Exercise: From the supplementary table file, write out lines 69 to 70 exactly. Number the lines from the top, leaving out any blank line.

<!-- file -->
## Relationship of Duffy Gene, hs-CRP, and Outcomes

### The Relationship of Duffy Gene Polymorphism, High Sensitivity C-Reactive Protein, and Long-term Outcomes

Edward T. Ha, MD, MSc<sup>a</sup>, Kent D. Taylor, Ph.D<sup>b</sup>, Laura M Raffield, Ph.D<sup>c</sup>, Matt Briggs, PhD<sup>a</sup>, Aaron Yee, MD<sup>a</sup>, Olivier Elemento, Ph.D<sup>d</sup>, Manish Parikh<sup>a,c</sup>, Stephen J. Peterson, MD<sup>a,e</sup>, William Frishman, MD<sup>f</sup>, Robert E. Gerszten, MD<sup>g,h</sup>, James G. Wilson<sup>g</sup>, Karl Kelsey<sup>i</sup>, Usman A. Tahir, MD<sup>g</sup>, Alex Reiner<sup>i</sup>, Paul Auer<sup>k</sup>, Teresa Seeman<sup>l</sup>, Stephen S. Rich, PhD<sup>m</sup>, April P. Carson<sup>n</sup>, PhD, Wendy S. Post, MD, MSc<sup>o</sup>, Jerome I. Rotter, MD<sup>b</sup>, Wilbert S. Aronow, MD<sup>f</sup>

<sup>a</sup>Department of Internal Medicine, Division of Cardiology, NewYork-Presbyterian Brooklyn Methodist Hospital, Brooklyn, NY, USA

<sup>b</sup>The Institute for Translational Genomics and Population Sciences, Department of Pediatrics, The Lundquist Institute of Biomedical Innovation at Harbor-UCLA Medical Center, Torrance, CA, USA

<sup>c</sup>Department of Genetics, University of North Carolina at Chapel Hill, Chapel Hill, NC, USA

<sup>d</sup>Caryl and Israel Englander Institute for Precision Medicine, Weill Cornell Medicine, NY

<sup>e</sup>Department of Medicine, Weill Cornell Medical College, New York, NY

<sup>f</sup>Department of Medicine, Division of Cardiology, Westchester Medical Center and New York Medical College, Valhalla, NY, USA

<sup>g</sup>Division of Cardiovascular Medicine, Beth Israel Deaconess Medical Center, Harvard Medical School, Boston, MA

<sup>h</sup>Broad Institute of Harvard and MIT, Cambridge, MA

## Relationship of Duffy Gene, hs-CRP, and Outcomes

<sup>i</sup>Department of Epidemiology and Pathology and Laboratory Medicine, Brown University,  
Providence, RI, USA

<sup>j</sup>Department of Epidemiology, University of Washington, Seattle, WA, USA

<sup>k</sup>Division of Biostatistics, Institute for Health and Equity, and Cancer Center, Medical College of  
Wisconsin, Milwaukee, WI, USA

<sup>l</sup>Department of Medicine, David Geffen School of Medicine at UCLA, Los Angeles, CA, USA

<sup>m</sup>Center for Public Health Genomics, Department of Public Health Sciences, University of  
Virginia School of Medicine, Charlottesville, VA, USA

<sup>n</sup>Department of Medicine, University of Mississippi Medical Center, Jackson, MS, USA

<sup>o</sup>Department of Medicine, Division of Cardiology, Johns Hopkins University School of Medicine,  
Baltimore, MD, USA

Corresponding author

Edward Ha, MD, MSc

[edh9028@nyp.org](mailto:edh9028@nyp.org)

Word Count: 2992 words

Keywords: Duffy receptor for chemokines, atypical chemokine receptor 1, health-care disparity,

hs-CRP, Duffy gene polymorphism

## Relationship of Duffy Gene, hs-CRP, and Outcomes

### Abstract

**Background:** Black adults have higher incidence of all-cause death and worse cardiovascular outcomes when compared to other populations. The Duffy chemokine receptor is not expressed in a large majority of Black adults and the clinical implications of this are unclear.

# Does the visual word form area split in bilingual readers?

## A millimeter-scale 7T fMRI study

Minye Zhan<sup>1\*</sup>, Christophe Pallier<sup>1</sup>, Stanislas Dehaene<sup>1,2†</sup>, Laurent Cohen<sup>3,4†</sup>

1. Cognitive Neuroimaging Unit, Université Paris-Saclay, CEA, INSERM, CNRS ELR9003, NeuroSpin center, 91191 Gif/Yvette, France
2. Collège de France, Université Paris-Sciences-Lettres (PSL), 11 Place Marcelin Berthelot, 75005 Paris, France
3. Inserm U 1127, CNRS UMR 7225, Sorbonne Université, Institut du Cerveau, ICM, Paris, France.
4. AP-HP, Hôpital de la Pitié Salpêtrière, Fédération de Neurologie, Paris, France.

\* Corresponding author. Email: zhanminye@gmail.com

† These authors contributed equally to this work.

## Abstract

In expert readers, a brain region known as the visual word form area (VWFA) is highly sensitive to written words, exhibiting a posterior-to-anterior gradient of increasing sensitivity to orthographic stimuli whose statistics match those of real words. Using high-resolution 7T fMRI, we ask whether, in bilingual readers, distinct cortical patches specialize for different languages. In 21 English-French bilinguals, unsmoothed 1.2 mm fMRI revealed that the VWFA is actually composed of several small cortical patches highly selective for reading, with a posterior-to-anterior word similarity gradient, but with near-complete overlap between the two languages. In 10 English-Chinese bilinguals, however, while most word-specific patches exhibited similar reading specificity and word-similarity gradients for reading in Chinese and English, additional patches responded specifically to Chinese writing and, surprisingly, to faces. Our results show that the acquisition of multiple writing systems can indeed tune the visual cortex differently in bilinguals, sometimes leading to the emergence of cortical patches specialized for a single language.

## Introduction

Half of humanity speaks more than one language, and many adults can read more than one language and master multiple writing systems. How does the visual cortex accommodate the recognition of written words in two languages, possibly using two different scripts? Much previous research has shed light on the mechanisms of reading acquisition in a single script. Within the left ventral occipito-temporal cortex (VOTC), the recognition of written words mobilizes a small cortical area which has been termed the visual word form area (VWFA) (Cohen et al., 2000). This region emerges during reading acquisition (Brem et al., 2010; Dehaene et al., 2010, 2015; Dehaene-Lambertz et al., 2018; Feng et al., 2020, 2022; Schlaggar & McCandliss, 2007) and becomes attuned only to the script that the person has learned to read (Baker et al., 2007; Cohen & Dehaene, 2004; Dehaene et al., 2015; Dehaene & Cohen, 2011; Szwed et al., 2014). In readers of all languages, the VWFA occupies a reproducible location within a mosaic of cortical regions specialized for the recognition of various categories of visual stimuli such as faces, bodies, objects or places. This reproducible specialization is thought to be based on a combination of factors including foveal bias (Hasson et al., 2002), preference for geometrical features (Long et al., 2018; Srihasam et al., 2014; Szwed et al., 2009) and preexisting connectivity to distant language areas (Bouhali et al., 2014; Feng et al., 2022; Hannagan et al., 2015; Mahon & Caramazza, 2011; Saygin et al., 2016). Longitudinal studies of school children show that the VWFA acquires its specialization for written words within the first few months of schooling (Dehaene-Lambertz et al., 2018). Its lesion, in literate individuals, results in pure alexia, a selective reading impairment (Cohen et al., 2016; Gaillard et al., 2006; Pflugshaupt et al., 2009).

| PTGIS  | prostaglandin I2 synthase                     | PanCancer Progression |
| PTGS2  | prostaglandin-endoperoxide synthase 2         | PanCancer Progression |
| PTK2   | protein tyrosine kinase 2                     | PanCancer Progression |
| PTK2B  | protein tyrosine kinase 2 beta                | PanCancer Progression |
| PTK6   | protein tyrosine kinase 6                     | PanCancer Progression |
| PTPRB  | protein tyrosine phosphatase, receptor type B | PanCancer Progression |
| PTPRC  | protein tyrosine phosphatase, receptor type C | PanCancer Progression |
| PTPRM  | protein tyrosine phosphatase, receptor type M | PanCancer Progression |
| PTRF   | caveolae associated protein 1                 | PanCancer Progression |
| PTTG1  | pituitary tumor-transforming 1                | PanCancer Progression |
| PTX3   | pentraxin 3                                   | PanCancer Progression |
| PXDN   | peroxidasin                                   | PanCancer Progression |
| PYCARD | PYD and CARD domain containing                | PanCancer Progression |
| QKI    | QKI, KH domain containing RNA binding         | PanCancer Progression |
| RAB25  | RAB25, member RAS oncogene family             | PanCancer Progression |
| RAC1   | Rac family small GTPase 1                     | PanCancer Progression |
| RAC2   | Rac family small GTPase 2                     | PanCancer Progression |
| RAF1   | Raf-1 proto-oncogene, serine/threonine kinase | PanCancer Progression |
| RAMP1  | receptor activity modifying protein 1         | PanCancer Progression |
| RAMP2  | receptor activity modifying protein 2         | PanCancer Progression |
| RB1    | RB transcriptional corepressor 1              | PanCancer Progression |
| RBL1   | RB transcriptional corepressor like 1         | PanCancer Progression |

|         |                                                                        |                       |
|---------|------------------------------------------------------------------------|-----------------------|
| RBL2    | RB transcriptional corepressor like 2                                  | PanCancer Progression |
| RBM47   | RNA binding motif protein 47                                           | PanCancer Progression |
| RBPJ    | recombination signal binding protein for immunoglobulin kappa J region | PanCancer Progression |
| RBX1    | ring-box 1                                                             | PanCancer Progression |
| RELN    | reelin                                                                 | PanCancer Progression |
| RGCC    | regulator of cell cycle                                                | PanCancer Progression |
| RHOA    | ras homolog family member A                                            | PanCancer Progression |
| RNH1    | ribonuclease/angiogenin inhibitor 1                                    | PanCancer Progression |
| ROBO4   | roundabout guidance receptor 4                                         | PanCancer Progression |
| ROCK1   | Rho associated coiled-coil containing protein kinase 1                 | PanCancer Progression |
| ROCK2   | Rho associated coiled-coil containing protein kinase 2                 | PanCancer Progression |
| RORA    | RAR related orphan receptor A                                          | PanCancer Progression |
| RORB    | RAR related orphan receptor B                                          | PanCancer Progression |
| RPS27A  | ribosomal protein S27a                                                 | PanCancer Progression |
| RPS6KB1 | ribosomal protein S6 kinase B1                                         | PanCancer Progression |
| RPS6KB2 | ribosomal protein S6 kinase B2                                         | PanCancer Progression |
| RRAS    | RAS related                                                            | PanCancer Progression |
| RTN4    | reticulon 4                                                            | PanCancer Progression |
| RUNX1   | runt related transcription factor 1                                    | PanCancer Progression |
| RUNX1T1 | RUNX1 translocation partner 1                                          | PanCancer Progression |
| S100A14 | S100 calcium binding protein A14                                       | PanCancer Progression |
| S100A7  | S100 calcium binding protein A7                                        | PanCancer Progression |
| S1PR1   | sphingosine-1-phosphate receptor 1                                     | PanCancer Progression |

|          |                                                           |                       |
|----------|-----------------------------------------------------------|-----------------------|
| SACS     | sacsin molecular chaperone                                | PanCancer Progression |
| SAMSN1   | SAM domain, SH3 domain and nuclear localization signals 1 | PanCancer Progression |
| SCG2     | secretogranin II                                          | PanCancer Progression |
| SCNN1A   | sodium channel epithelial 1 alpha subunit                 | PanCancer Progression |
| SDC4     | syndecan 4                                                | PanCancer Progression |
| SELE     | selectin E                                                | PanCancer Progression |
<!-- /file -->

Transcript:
|---------|------------------------------------------------------------------------|-----------------------|
| RBL2    | RB transcriptional corepressor like 2                                  | PanCancer Progression |